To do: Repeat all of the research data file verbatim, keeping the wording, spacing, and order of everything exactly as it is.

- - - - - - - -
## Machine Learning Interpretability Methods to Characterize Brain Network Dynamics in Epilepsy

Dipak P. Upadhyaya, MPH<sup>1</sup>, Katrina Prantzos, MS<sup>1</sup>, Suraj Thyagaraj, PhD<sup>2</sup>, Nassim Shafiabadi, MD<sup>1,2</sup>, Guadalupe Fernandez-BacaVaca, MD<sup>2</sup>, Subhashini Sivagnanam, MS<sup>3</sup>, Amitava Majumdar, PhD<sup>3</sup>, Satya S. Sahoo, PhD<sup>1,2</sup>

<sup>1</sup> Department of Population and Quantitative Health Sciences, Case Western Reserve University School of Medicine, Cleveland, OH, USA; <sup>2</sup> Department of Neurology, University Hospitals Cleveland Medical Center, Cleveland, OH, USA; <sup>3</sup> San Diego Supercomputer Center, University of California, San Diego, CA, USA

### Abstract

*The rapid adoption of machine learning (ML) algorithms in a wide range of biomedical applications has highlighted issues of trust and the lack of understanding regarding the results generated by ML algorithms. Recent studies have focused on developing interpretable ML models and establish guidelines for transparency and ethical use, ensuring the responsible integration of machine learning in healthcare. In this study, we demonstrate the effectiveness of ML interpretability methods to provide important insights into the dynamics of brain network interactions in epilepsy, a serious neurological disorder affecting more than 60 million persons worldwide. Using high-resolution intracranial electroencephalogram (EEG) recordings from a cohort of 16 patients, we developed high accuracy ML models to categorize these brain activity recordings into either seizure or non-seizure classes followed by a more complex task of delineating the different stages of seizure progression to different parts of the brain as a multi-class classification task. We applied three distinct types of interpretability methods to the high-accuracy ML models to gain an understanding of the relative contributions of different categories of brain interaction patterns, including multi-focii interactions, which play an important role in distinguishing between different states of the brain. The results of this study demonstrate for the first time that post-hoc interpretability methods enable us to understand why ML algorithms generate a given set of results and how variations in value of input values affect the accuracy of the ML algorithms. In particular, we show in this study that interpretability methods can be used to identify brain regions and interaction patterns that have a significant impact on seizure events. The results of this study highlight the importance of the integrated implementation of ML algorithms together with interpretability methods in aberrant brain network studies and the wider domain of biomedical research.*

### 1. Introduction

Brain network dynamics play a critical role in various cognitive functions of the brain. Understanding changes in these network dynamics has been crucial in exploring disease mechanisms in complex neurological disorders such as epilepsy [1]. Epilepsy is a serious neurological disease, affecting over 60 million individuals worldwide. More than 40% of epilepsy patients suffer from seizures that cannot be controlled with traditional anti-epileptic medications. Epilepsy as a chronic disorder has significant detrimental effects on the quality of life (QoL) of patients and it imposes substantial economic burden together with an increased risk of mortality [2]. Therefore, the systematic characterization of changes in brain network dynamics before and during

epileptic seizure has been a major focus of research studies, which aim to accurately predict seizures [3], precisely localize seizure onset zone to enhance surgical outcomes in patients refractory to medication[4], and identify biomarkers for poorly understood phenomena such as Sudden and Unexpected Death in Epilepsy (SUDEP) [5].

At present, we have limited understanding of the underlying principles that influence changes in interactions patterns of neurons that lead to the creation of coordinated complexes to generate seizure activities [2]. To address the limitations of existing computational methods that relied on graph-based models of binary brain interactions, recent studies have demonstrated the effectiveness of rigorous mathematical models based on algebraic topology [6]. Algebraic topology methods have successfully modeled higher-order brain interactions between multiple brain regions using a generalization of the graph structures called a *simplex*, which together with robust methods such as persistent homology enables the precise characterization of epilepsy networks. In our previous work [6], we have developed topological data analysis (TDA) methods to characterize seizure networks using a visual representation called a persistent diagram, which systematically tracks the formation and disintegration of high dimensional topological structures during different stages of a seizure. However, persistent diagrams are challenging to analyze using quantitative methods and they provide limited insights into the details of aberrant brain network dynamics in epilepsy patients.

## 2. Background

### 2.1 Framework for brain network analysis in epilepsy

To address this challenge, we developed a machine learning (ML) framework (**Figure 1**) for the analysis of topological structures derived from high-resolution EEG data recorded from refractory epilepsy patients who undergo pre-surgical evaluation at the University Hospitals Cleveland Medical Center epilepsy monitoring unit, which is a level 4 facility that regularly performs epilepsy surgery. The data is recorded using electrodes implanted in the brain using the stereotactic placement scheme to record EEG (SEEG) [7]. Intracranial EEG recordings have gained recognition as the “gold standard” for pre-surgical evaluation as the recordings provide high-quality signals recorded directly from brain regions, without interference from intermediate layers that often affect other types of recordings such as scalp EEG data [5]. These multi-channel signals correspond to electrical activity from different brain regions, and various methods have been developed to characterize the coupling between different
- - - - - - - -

## Machine Learning Interpretability Methods to Characterize Brain Network Dynamics in Epilepsy

Dipak P. Upadhyaya, MPH<sup>1</sup>, Katrina Prantzos, MS<sup>1</sup>, Suraj Thyagaraj, PhD<sup>2</sup>, Nassim Shafiabadi, MD<sup>1,2</sup>, Guadalupe Fernandez-BacaVaca, MD<sup>2</sup>, Subhashini Sivagnanam, MS<sup>3</sup>, Amitava Majumdar, PhD<sup>3</sup>, Satya S. Sahoo, PhD<sup>1,2</sup>

<sup>1</sup> Department of Population and Quantitative Health Sciences, Case Western Reserve University School of Medicine, Cleveland, OH, USA; <sup>2</sup> Department of Neurology, University Hospitals Cleveland Medical Center, Cleveland, OH, USA; <sup>3</sup> San Diego Supercomputer Center, University of California, San Diego, CA, USA

### Abstract

*The rapid adoption of machine learning (ML) algorithms in a wide range of biomedical applications has highlighted issues of trust and the lack of understanding regarding the results generated by ML algorithms. Recent studies have focused on developing interpretable ML models and establish guidelines for transparency and ethical use, ensuring the responsible integration of machine learning in healthcare. In this study, we demonstrate the effectiveness of ML interpretability methods to provide important insights into the dynamics of brain network interactions in epilepsy, a serious neurological disorder affecting more than 60 million persons worldwide. Using high-resolution intracranial electroencephalogram (EEG) recordings from a cohort of 16 patients, we developed high accuracy ML models to categorize these brain activity recordings into either seizure or non-seizure classes followed by a more complex task of delineating the different stages of seizure progression to different parts of the brain as a multi-class classification task. We applied three distinct types of interpretability methods to the high-accuracy ML models to gain an understanding of the relative contributions of different categories of brain interaction patterns, including multi-focii interactions, which play an important role in distinguishing between different states of the brain. The results of this study demonstrate for the first time that post-hoc interpretability methods enable us to understand why ML algorithms generate a given set of results and how variations in value of input values affect the accuracy of the ML algorithms. In particular, we show in this study that interpretability methods can be used to identify brain regions and interaction patterns that have a significant impact on seizure events. The results of this study highlight the importance of the integrated implementation of ML algorithms together with interpretability methods in aberrant brain network studies and the wider domain of biomedical research.*

### 1. Introduction

Brain network dynamics play a critical role in various cognitive functions of the brain. Understanding changes in these network dynamics has been crucial in exploring disease mechanisms in complex neurological disorders such as epilepsy [1]. Epilepsy is a serious neurological disease, affecting over 60 million individuals worldwide. More than 40% of epilepsy patients suffer from seizures that cannot be controlled with traditional anti-epileptic medications. Epilepsy as a chronic disorder has significant detrimental effects on the quality of life (QoL) of patients and it imposes substantial economic burden together with an increased risk of mortality [2]. Therefore, the systematic characterization of changes in brain network dynamics before and during

epileptic seizure has been a major focus of research studies, which aim to accurately predict seizures [3], precisely localize seizure onset zone to enhance surgical outcomes in patients refractory to medication[4], and identify biomarkers for poorly understood phenomena such as Sudden and Unexpected Death in Epilepsy (SUDEP) [5].

At present, we have limited understanding of the underlying principles that influence changes in interactions patterns of neurons that lead to the creation of coordinated complexes to generate seizure activities [2]. To address the limitations of existing computational methods that relied on graph-based models of binary brain interactions, recent studies have demonstrated the effectiveness of rigorous mathematical models based on algebraic topology [6]. Algebraic topology methods have successfully modeled higher-order brain interactions between multiple brain regions using a generalization of the graph structures called a *simplex*, which together with robust methods such as persistent homology enables the precise characterization of epilepsy networks. In our previous work [6], we have developed topological data analysis (TDA) methods to characterize seizure networks using a visual representation called a persistent diagram, which systematically tracks the formation and disintegration of high dimensional topological structures during different stages of a seizure. However, persistent diagrams are challenging to analyze using quantitative methods and they provide limited insights into the details of aberrant brain network dynamics in epilepsy patients.

## 2. Background

### 2.1 Framework for brain network analysis in epilepsy

To address this challenge, we developed a machine learning (ML) framework (**Figure 1**) for the analysis of topological structures derived from high-resolution EEG data recorded from refractory epilepsy patients who undergo pre-surgical evaluation at the University Hospitals Cleveland Medical Center epilepsy monitoring unit, which is a level 4 facility that regularly performs epilepsy surgery. The data is recorded using electrodes implanted in the brain using the stereotactic placement scheme to record EEG (SEEG) [7]. Intracranial EEG recordings have gained recognition as the “gold standard” for pre-surgical evaluation as the recordings provide high-quality signals recorded directly from brain regions, without interference from intermediate layers that often affect other types of recordings such as scalp EEG data [5]. These multi-channel signals correspond to electrical activity from different brain regions, and various methods have been developed to characterize the coupling between different